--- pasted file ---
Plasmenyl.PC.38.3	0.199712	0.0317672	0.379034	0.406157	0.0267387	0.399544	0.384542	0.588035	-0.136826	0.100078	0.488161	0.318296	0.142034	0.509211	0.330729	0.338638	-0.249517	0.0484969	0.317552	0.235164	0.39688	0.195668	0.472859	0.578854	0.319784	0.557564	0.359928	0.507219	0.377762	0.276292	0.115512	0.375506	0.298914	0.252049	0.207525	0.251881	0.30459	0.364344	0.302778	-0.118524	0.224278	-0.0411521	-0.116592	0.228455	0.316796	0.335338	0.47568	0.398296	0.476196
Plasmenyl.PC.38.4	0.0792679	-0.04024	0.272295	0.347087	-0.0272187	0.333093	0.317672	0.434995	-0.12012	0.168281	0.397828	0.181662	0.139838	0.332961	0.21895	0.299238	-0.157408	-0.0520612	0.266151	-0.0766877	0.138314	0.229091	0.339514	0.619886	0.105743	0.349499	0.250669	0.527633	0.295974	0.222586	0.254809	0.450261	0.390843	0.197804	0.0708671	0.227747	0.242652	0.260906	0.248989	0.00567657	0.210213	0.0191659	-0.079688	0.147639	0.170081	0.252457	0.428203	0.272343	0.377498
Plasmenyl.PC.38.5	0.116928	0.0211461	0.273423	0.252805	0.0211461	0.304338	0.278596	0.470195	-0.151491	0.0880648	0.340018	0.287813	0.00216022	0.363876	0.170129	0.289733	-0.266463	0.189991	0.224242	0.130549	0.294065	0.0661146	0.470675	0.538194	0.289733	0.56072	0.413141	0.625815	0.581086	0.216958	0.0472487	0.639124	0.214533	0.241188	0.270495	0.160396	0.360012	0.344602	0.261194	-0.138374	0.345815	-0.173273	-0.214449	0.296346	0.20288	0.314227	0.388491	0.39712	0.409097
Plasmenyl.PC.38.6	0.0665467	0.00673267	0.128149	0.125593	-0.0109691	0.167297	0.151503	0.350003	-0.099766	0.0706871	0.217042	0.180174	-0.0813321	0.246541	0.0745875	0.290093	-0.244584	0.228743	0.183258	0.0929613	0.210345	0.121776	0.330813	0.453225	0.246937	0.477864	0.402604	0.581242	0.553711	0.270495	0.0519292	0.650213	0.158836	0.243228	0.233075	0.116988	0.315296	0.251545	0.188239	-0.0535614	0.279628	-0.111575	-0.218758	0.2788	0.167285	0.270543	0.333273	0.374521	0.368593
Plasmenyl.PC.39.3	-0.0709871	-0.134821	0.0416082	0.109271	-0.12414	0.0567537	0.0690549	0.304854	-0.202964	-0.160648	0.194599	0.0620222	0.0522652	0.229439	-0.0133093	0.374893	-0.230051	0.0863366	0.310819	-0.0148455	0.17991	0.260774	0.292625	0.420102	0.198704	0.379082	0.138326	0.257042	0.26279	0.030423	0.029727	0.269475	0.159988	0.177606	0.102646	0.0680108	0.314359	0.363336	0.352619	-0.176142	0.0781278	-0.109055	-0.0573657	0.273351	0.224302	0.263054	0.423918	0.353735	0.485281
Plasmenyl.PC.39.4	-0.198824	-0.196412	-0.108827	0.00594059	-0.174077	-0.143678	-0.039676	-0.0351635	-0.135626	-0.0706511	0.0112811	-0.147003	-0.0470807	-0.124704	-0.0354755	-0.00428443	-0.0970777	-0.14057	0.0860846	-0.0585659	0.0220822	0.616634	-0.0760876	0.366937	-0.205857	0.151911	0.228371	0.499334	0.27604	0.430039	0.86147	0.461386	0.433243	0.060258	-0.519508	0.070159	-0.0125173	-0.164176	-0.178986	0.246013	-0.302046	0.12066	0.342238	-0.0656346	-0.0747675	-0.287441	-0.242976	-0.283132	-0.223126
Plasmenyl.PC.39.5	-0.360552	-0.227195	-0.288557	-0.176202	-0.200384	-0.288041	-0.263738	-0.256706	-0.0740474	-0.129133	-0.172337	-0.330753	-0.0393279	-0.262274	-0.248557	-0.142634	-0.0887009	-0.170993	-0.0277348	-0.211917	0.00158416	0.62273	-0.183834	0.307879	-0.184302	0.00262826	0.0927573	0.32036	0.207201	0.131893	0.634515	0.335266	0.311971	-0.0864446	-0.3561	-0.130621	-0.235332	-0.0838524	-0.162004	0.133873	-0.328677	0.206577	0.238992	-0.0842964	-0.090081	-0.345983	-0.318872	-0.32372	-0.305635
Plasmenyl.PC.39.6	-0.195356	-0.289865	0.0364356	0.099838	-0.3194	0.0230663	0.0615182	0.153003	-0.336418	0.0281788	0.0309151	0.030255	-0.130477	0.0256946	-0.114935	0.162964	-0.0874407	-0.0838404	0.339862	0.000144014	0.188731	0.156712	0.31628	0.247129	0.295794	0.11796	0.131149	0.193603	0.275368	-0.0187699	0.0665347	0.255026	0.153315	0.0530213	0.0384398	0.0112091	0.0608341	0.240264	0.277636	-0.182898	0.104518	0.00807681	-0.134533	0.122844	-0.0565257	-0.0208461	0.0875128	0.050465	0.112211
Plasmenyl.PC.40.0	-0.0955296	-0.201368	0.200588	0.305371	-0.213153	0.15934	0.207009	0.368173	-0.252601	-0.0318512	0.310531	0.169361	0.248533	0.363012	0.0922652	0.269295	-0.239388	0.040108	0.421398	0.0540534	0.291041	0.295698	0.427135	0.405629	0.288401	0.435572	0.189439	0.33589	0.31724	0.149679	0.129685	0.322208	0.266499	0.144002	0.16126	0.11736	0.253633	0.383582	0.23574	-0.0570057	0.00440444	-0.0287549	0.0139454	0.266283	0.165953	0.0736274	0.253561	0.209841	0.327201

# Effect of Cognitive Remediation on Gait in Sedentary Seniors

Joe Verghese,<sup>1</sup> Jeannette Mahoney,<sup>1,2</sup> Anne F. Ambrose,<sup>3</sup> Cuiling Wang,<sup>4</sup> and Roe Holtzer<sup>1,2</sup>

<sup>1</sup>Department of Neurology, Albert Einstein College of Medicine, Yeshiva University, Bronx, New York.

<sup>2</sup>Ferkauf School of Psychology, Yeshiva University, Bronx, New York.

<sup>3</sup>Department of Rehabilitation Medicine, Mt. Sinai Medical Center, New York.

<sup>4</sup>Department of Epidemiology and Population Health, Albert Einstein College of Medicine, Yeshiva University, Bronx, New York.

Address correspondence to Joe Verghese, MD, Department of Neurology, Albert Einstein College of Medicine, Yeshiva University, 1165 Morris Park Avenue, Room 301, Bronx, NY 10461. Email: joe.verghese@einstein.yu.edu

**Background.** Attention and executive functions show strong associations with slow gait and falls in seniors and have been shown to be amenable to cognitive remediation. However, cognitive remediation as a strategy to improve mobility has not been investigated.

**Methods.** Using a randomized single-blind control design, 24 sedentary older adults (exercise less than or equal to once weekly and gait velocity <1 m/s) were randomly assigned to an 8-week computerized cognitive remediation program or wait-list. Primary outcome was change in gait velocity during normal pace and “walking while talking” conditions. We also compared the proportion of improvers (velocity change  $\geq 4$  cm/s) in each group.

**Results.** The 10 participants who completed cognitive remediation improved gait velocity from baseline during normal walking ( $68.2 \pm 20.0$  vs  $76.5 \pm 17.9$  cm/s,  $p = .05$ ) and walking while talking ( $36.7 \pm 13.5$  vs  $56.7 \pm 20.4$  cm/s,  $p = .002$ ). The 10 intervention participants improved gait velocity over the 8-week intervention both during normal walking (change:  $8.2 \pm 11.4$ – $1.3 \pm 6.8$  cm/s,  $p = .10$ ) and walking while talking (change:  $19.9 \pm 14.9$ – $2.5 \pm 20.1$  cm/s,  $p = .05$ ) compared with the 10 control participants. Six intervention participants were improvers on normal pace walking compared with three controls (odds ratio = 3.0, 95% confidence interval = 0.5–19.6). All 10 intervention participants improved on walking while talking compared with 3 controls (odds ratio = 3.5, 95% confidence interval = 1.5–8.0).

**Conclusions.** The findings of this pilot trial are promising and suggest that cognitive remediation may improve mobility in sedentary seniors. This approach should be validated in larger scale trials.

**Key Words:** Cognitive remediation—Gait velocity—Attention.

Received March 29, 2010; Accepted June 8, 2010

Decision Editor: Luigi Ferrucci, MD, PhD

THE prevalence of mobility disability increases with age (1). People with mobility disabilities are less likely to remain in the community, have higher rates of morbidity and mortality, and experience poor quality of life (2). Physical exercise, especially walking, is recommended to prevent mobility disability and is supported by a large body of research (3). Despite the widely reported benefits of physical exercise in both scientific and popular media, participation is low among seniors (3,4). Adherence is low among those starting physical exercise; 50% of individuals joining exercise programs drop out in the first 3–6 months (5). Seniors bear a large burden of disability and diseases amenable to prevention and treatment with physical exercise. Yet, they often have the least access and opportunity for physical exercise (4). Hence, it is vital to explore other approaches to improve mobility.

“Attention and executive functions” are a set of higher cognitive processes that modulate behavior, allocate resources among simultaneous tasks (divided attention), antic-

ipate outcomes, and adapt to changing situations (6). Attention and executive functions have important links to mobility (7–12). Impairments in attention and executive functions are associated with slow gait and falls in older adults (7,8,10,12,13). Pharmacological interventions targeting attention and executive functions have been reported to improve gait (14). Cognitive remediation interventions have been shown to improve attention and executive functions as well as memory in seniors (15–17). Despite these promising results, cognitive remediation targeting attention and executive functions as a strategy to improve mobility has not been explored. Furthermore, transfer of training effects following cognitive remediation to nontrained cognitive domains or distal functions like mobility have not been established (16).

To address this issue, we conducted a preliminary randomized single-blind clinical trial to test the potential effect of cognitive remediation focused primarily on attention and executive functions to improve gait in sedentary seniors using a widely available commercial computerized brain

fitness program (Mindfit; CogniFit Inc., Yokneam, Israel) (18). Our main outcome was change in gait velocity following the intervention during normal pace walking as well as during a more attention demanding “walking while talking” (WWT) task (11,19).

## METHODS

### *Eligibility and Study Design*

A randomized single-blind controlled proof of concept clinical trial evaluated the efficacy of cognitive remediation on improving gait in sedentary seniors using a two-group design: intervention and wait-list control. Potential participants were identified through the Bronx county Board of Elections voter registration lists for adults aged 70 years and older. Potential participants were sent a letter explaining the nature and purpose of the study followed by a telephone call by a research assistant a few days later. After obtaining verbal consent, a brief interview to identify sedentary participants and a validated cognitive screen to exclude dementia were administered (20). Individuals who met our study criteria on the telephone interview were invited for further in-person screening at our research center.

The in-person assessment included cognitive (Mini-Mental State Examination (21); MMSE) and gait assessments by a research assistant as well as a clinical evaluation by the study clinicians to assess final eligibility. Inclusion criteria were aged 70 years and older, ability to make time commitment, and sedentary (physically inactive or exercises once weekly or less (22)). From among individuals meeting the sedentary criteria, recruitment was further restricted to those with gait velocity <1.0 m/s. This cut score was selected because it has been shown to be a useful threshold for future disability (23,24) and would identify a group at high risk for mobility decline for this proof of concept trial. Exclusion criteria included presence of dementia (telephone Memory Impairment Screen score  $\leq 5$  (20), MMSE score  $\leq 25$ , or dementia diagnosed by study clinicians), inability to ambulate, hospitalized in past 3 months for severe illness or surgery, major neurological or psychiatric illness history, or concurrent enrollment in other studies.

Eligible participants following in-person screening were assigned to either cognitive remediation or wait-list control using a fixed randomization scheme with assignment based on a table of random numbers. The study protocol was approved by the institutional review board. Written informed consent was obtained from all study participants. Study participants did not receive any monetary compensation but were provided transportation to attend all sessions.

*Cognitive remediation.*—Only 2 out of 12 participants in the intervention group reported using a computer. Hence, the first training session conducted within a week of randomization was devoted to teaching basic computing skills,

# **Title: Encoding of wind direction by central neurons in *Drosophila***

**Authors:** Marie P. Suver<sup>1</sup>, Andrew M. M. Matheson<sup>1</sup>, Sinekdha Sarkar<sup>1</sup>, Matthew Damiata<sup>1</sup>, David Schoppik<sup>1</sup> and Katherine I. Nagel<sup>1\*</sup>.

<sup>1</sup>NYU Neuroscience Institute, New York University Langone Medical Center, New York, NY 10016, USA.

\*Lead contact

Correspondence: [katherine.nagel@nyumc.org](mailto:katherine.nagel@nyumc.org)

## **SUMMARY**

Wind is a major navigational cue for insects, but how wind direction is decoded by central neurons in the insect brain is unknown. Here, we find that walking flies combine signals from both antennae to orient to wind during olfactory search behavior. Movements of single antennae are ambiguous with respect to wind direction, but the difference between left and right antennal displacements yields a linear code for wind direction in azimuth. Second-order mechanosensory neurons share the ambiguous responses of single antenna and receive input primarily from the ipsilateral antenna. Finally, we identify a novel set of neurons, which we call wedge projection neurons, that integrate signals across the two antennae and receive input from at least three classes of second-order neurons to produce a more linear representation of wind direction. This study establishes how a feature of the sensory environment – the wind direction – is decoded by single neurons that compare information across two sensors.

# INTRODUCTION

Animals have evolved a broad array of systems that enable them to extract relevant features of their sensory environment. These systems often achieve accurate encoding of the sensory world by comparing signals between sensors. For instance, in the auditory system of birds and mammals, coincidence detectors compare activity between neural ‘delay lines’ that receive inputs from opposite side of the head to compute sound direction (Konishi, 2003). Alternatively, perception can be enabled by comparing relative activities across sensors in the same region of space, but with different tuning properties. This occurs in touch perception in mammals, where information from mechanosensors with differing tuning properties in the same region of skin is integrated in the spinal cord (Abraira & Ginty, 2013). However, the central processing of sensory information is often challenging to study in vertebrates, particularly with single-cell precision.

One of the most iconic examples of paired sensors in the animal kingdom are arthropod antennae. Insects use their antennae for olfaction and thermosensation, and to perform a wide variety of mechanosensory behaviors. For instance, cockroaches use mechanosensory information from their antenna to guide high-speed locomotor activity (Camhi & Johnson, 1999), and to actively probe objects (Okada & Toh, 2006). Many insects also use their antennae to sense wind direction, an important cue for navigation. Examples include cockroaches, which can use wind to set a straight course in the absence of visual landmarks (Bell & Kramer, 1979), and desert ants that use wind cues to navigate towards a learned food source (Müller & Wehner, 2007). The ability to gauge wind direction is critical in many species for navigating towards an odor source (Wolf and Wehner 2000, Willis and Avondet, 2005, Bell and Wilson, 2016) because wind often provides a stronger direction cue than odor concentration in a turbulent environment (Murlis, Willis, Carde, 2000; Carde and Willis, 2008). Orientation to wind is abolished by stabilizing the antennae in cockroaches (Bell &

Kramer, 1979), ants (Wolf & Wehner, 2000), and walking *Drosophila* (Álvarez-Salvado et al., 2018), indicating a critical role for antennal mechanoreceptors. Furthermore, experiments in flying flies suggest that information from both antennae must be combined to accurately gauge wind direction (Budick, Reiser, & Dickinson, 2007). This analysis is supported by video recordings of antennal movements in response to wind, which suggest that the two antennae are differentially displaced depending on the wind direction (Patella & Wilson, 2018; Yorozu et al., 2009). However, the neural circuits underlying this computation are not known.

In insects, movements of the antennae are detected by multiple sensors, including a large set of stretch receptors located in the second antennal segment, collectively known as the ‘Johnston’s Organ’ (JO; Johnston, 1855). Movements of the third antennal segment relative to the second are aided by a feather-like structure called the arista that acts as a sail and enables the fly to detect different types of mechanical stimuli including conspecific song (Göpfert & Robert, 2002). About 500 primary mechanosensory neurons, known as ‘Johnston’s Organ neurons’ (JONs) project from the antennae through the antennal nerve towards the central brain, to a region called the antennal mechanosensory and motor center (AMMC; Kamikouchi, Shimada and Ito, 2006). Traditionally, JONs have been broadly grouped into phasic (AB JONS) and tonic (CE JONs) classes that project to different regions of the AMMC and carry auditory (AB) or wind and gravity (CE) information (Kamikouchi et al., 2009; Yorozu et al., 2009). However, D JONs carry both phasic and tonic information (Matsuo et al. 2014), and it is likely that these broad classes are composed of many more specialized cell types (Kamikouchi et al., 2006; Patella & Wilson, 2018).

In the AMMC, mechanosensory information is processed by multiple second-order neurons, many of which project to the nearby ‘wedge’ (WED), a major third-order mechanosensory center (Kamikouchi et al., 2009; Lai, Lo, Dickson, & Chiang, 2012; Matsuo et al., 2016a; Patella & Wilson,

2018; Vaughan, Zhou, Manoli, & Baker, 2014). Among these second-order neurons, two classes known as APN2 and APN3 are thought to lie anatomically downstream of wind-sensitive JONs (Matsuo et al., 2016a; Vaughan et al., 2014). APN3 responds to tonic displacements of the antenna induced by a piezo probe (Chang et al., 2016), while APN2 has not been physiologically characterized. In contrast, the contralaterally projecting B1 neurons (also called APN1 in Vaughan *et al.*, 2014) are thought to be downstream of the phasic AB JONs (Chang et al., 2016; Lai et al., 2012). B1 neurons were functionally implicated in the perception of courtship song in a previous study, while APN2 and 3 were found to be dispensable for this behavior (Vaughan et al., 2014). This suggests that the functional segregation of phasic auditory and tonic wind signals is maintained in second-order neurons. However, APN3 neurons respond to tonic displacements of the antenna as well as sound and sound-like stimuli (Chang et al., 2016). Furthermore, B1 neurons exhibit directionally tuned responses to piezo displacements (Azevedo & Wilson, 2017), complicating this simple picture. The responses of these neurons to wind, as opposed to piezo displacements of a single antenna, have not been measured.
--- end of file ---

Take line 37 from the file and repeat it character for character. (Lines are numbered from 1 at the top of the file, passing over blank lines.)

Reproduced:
<sup>1</sup>NYU Neuroscience Institute, New York University Langone Medical Center, New York, NY 10016, USA.